- When asked if he thought, in retrospect, that he had been too harsh in criticizing Hillary Clinton before the election he said that he *thought* she was going to be the President, and for that reason he thought that she deserved more scrutiny. I’m still annoyed that he helped justify people NEVER being willing to vote for her. But, the fact that he said he thought she would win seems like a humble reply. What would have been less humble is if he said like Michael Moore, “I knew Trump would win,” or if he had said something like “Obviously Bernie Sanders was the one who could have won.” It was an admission that a) Hillary made a strong showing and appeared to be winning, and b) he himself, Glenn Greenwald, is not omniscient or prophetic but just a human being who thought Hillary Clinton was going to win. That helped.
- He also said that he honestly thought that the rest of the media was doing a good enough job being hard on Trump.
- Talking about how awful Trump is always puts things in perspective. At least for me.
“I’m just trying to make ANYTHING make ANY sense.”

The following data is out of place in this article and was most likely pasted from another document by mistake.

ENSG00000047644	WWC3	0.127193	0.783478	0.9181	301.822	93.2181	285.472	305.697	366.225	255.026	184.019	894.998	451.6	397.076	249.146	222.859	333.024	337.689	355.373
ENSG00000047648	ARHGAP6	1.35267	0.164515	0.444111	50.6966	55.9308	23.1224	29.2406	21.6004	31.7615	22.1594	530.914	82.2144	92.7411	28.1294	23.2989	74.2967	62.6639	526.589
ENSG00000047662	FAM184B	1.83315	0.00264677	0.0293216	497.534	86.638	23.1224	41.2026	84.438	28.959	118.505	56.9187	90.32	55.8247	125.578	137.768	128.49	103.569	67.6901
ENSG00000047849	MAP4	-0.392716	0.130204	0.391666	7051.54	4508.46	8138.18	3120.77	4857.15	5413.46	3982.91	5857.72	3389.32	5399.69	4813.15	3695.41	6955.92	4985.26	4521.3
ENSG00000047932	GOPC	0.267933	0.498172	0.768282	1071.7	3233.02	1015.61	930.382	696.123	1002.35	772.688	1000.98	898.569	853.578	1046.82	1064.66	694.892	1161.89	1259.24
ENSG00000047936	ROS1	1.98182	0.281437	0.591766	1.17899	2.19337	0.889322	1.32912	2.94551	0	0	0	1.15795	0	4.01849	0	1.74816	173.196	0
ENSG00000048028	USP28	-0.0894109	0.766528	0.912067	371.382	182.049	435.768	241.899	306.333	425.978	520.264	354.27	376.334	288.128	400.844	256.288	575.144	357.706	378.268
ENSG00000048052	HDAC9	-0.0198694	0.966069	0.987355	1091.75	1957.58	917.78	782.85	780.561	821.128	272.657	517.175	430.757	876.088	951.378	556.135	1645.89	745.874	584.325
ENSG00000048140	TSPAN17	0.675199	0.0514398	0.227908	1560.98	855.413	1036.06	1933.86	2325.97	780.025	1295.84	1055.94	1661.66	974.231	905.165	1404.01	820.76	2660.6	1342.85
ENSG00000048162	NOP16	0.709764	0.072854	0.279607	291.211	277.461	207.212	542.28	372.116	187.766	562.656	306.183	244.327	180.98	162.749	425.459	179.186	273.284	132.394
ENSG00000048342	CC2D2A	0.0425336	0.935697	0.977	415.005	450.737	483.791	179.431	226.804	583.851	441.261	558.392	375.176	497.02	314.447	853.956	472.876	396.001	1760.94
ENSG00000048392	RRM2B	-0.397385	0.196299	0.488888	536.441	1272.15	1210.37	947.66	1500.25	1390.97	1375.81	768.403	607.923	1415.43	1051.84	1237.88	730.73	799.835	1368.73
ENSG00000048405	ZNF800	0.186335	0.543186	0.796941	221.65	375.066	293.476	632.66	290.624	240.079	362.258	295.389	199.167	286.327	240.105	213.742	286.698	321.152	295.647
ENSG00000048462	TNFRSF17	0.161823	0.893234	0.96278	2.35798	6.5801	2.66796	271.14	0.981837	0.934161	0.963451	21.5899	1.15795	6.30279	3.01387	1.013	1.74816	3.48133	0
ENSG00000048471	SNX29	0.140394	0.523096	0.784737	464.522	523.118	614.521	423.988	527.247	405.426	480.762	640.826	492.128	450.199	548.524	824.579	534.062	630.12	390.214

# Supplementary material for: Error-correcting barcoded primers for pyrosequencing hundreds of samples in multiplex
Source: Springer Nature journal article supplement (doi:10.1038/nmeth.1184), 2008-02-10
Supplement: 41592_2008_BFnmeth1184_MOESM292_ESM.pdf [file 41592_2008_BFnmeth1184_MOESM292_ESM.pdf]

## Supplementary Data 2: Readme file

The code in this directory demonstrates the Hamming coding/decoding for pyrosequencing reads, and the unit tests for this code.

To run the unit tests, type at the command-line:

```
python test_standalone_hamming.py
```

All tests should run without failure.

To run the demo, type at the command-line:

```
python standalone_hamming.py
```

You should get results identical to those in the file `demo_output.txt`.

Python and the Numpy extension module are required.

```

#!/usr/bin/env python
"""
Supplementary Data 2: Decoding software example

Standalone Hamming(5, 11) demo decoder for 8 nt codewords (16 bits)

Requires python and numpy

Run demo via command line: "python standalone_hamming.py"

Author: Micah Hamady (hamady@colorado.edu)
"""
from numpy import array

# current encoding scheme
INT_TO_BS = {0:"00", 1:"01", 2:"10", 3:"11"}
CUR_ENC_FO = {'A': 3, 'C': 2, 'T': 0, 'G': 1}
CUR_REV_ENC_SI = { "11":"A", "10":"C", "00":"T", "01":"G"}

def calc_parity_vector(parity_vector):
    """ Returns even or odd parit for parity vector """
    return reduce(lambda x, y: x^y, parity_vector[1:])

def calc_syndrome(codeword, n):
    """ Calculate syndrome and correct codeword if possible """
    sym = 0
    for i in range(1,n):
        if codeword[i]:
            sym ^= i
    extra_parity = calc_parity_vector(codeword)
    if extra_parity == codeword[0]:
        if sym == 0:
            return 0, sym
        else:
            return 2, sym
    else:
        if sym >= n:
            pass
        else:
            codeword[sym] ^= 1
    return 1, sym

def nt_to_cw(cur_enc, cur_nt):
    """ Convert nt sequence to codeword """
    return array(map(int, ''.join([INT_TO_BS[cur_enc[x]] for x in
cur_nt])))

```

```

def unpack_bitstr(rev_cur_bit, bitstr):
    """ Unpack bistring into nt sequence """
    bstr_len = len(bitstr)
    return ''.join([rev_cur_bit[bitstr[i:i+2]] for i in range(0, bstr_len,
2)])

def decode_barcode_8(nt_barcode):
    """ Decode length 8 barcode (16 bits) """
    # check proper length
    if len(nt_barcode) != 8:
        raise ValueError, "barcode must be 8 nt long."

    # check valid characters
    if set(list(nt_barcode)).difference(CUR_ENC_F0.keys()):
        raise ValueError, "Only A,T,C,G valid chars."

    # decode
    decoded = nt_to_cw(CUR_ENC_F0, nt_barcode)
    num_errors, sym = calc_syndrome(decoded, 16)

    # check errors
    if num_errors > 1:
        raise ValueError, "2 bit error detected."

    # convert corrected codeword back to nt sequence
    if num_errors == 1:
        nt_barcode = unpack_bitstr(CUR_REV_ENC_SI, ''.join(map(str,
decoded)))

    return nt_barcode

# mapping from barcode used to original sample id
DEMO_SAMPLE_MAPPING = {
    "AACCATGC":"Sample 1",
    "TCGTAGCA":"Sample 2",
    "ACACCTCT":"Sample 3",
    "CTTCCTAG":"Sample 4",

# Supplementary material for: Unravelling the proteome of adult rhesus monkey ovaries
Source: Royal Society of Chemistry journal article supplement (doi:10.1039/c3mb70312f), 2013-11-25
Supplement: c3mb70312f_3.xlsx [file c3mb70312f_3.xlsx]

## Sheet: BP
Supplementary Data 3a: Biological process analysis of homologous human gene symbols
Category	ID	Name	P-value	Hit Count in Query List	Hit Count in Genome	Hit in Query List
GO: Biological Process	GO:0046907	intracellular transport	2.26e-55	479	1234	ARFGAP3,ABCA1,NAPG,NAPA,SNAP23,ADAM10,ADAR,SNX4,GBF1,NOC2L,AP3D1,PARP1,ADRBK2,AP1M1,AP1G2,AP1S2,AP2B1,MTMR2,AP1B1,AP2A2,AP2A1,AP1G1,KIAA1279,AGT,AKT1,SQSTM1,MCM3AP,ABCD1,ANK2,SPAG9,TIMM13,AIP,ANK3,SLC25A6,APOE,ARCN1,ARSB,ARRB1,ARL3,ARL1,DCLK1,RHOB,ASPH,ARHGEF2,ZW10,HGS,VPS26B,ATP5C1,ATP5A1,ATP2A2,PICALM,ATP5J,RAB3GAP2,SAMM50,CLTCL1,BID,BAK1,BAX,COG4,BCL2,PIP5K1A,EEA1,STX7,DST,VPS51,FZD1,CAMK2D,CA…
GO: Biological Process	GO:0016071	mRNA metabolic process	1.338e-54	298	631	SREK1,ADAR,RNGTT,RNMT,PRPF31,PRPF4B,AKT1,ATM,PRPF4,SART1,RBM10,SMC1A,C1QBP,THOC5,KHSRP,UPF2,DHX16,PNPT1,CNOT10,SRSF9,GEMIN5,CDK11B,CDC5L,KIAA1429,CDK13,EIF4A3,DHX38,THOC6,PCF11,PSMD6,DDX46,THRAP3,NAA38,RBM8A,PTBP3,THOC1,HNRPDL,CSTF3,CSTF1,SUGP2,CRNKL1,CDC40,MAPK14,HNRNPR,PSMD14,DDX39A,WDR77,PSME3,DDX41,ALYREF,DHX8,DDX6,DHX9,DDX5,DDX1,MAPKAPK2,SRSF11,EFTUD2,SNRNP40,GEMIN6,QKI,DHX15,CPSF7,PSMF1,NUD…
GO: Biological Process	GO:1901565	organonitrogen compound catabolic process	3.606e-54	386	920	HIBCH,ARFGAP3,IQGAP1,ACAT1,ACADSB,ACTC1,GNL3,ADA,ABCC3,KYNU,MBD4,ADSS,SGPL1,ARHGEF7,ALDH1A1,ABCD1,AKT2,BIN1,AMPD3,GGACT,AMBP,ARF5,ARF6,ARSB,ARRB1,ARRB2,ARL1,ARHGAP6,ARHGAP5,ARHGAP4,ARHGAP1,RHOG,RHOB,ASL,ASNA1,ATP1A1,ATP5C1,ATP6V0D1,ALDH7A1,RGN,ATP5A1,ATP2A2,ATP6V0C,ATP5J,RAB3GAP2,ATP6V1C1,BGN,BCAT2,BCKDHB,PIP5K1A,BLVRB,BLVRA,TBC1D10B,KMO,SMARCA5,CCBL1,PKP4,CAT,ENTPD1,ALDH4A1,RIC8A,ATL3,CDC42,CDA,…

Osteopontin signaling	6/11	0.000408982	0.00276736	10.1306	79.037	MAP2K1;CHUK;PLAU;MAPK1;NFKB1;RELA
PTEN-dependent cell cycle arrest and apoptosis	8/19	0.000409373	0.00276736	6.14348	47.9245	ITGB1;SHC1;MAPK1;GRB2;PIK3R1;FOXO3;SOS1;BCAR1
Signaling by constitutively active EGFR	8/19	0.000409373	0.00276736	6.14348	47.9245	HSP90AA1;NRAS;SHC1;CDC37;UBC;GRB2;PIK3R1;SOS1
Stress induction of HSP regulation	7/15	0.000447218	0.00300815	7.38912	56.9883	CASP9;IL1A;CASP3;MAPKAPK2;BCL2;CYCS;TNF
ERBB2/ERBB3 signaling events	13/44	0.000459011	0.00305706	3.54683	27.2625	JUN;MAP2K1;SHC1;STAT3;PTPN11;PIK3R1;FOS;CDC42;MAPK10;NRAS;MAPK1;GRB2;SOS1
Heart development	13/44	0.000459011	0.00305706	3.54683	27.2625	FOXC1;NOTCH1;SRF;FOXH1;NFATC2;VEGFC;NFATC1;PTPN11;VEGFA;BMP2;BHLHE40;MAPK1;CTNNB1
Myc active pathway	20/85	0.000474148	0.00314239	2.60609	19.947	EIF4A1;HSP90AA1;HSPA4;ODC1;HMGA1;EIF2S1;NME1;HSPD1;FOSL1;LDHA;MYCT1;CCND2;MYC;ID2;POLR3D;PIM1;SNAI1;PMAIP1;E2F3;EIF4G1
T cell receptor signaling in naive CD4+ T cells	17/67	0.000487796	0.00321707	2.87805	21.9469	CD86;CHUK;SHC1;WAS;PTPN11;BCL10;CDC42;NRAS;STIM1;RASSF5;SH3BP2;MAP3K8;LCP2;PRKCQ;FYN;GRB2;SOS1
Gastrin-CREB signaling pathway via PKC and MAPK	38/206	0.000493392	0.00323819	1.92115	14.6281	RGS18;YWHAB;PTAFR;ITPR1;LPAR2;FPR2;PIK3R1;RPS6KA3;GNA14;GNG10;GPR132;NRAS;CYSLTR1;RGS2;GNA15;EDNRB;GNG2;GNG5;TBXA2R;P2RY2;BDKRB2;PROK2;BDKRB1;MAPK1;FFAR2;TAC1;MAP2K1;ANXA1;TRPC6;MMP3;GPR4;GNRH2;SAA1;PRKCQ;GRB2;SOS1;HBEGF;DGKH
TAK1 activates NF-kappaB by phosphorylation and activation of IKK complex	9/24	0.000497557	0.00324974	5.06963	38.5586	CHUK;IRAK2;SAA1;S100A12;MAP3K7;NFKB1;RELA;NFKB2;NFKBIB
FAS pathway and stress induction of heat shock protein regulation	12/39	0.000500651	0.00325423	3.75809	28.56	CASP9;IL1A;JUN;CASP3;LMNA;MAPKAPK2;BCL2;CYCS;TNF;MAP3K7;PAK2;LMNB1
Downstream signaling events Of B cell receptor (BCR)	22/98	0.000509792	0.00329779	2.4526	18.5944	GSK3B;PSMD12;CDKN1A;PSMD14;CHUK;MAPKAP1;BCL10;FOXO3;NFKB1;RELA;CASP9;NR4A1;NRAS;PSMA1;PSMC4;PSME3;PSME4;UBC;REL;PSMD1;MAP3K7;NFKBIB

Maggie Haberman to Jeffrey Lord on Anderson Cooper just now
I’m watching TV (!!) as I type this, so I’m a bit giddy from over-stimulation. I wish I had TV at home, but not enough to actually get TV. I’ve been flipping between FOX, MSNBC, and CNN.
TV is mostly fixating on 1) wiretapping claims, 2) Trump doubling down on wiretapping claims while standing right next to Angela Merkel, 3) the DOJ finally sent a report to Congress today, and officials there immediately said that there’s no “there” there, 4) Sean Spicer quoting allegations made by a FOX news pundit (regarding the British intelligence agency)–allegations that FOX news itself said were NOT verified or backed by their team, 5) Angela Merkel’s body language towards Trump in several different moments, and vice versa, 6) By God the UK is PISSED at us now, and 7)FBI Director Comey to talk to Congress in open hearings on Monday.
Monday should be a fun day, because it’s also the first day of Supreme Court nominee Neil Gorsuch.
While TV yaps delightfully about wiretap stuff (wow, I am thirsty for television access), I’ve turned to Twitter to catch up on this Rex Tillerson in Korea thing which sounds like a fucking misadventure if I ever saw one. And people are freaking out.
And here is the pool report. The pool hasn’t been on his plane with him (only one conservative blogger got that honor), but as many reporters as possible have flown separately and shown up at as many events as possible–still trying to be his press pool. Remember, it is very abnormal for the press pool not to travel everywhere WITH the Secretary of State. Sean Spicer said there just wasn’t room on the plane.